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Exposure to titanium dioxide and other metallic oxide nanoparticles induces cytotoxicity on human neural cells and fibroblasts.

Lai JC, Lai MB, Jandhyam S, Dukhande VV, Bhushan A, Daniels CK, Leung SW - Int J Nanomedicine (2008)

Bottom Line: Because the effects of such nanoparticles on human neural cells are unknown, we have determined the putative cytotoxic effects of these nanoparticles on human astrocytes-like astrocytoma U87 cells and compared their effects on normal human fibroblasts.We further noted that zinc oxide (ZnO) nanoparticles were the most effective, TiO(2) nanoparticles the second most effective, and magnesium oxide (MgO) nanoparticles the least effective in inducing cell death in U87 cells.Thus, our findings may have toxicological and other pathophysiological implications on exposure of humans and other mammalian species to metallic oxide nanoparticles.

View Article: PubMed Central - PubMed

Affiliation: Department of Biomedical and Pharmaceutical Sciences, College of Pharmacy, Idaho State University, Pocatello, ID 83209, USA.

ABSTRACT
The use of titanium dioxide (TiO(2)) in various industrial applications (eg, production of paper, plastics, cosmetics, and paints) has been expanding thereby increasing the occupational and other environmental exposure of these nanoparticles to humans and other species. However, the health effects of exposure to TiO(2) nanoparticles have not been systematically assessed even though recent studies suggest that such exposure induces inflammatory responses in lung tissue and cells. Because the effects of such nanoparticles on human neural cells are unknown, we have determined the putative cytotoxic effects of these nanoparticles on human astrocytes-like astrocytoma U87 cells and compared their effects on normal human fibroblasts. We found that TiO(2) micro- and nanoparticles induced cell death on both human cell types in a concentration-related manner. We further noted that zinc oxide (ZnO) nanoparticles were the most effective, TiO(2) nanoparticles the second most effective, and magnesium oxide (MgO) nanoparticles the least effective in inducing cell death in U87 cells. The cell death mechanisms underlying the effects of TiO(2) micro- and nanoparticles on U87 cells include apoptosis, necrosis, and possibly apoptosis-like and necrosis-like cell death types. Thus, our findings may have toxicological and other pathophysiological implications on exposure of humans and other mammalian species to metallic oxide nanoparticles.

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Effects of TiO2 micro- and nanoparticles on survival of human fibroblasts (HFF-1).Notes: Values are mean ± SEM of 6–9 determinations. HFF-1 cells treated with TiO2 microparticles are marked with open squares and those treated with TiO2 nanoparticles are marked with open circles. Values marked with a and b are significantly different (p < 0.05, by ANOVA and post-hoc Student–Newman–Keuls test) from corresponding mean value in control (ie, untreated) cells.Abbreviations: ANOVA, analysis of variance; SEM, standard error of mean; TiO2, titanium dioxide.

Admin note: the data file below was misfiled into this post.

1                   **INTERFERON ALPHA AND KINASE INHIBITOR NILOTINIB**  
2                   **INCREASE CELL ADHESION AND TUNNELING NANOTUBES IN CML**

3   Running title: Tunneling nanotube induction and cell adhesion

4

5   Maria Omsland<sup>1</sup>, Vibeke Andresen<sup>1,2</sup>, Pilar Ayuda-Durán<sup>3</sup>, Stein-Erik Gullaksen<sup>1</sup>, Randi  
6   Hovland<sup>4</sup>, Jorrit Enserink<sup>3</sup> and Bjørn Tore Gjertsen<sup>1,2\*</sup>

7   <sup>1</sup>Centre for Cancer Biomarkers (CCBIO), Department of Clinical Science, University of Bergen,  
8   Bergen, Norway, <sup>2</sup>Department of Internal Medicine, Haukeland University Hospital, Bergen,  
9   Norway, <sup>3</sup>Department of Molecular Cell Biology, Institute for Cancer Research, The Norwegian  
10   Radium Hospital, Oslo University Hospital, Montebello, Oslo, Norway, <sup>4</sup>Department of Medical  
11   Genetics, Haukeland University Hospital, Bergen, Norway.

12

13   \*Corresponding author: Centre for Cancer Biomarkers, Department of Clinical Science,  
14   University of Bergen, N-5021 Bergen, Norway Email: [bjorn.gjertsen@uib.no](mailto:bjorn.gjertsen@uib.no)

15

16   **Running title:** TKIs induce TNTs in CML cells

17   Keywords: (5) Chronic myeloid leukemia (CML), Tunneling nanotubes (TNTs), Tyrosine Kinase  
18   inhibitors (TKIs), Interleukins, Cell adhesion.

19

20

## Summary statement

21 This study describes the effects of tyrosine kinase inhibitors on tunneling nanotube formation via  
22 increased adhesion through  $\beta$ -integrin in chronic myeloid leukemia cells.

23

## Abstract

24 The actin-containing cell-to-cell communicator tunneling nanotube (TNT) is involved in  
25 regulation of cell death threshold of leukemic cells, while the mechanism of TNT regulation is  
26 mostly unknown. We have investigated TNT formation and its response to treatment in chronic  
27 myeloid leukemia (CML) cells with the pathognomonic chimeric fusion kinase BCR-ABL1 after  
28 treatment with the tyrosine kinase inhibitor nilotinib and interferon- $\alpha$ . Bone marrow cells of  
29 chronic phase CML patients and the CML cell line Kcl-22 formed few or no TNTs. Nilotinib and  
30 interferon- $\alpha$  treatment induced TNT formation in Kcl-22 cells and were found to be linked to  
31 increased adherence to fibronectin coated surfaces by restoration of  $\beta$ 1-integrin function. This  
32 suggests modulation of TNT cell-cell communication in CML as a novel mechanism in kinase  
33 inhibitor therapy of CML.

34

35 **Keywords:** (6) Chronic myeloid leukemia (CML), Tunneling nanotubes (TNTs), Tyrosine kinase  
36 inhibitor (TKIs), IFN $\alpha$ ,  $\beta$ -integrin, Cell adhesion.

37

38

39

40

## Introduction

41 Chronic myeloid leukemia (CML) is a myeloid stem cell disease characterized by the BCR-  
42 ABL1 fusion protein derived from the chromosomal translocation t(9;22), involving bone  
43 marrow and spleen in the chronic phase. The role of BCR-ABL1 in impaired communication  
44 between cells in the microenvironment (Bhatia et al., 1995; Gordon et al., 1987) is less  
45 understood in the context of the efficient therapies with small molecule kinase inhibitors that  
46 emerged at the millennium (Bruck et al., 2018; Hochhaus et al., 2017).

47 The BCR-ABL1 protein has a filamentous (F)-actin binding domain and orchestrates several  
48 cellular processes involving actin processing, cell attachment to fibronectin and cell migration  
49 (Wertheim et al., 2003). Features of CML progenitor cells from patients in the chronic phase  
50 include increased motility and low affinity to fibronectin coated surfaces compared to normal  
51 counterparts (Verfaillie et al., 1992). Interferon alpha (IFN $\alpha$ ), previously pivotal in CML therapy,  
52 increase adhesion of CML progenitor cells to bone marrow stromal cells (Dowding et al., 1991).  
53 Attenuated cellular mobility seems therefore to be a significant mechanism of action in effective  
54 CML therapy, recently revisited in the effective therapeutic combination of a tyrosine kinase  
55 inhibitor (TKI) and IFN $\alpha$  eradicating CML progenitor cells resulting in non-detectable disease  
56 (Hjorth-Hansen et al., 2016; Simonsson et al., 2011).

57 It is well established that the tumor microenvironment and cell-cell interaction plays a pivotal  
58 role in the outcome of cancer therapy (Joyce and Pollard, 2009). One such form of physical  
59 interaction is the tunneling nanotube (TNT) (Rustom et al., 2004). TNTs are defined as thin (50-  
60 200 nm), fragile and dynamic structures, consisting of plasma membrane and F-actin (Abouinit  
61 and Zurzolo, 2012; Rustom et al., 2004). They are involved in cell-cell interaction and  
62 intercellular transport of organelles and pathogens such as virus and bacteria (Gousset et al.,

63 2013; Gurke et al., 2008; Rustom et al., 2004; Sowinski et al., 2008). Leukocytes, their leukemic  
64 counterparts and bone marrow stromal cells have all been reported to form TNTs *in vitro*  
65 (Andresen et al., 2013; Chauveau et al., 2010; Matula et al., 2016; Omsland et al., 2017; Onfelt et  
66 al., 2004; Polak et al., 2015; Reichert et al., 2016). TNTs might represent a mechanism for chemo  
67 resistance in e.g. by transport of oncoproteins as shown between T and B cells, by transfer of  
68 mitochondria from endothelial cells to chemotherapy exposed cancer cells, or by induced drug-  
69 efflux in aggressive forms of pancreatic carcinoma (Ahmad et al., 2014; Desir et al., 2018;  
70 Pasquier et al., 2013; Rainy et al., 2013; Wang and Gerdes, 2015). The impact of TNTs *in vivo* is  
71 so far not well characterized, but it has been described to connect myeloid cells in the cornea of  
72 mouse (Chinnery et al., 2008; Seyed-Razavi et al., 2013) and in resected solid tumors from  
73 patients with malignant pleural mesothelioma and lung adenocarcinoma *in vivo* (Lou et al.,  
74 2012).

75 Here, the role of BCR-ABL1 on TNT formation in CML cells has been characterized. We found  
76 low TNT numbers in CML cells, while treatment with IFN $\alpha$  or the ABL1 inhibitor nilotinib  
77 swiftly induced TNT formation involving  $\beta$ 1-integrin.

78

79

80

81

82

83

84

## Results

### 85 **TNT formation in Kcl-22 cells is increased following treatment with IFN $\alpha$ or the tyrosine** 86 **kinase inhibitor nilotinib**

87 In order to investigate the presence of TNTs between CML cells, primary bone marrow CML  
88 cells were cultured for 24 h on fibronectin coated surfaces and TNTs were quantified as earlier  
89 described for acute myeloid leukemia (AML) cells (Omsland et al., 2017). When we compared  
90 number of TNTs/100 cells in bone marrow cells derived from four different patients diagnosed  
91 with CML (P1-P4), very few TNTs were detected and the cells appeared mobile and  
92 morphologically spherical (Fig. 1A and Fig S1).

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f3-ijn-3-533: Effects of TiO2 micro- and nanoparticles on survival of human fibroblasts (HFF-1).Notes: Values are mean ± SEM of 6–9 determinations. HFF-1 cells treated with TiO2 microparticles are marked with open squares and those treated with TiO2 nanoparticles are marked with open circles. Values marked with a and b are significantly different (p < 0.05, by ANOVA and post-hoc Student–Newman–Keuls test) from corresponding mean value in control (ie, untreated) cells.Abbreviations: ANOVA, analysis of variance; SEM, standard error of mean; TiO2, titanium dioxide.

Mentions: To determine if the effects of TiO2 micro- and nanoparticles on neural cells were similar to their effects on nonneural cells, we also examined the effects of these metallic oxide micro- and nanoparticles on normal human fibroblasts (HFF-1 cells). Exposure of HFF-1 cells for 48 hours to both TiO2 micro- and nanoparticles induced significant decreases in cell survival at concentrations higher than 1 μg/mL (Figure 3). At concentrations between 1 and 10 μg/mL, TiO2 nanoparticles were more potent in lowering the survival of these cells whereas when the concentrations were increased beyond 10 μg/mL, both the micro- and the nanoparticles were equally effective in lowering the survival of the HFF-1 cells, except at the highest level employed (ie, 100 μg/mL), where again the nanoparticles were more effective than the microparticles in lowing the survival of these cells (Figure 3). When these cells were treated with TiO2 micro- and nanoparticles at 100 μg/mL for 48 hours, their survival decreased to less than 40% and 30%, respectively, of that of untreated (ie, control) HFF-1 cells (Figure 3). Nevertheless, irrespective of their sizes, the IC50 values for both TiO2 micro- and nanoparticles in lowering the survival of HFF-1 cells were about the same: they were ∼40 μg/mL (Figure 3).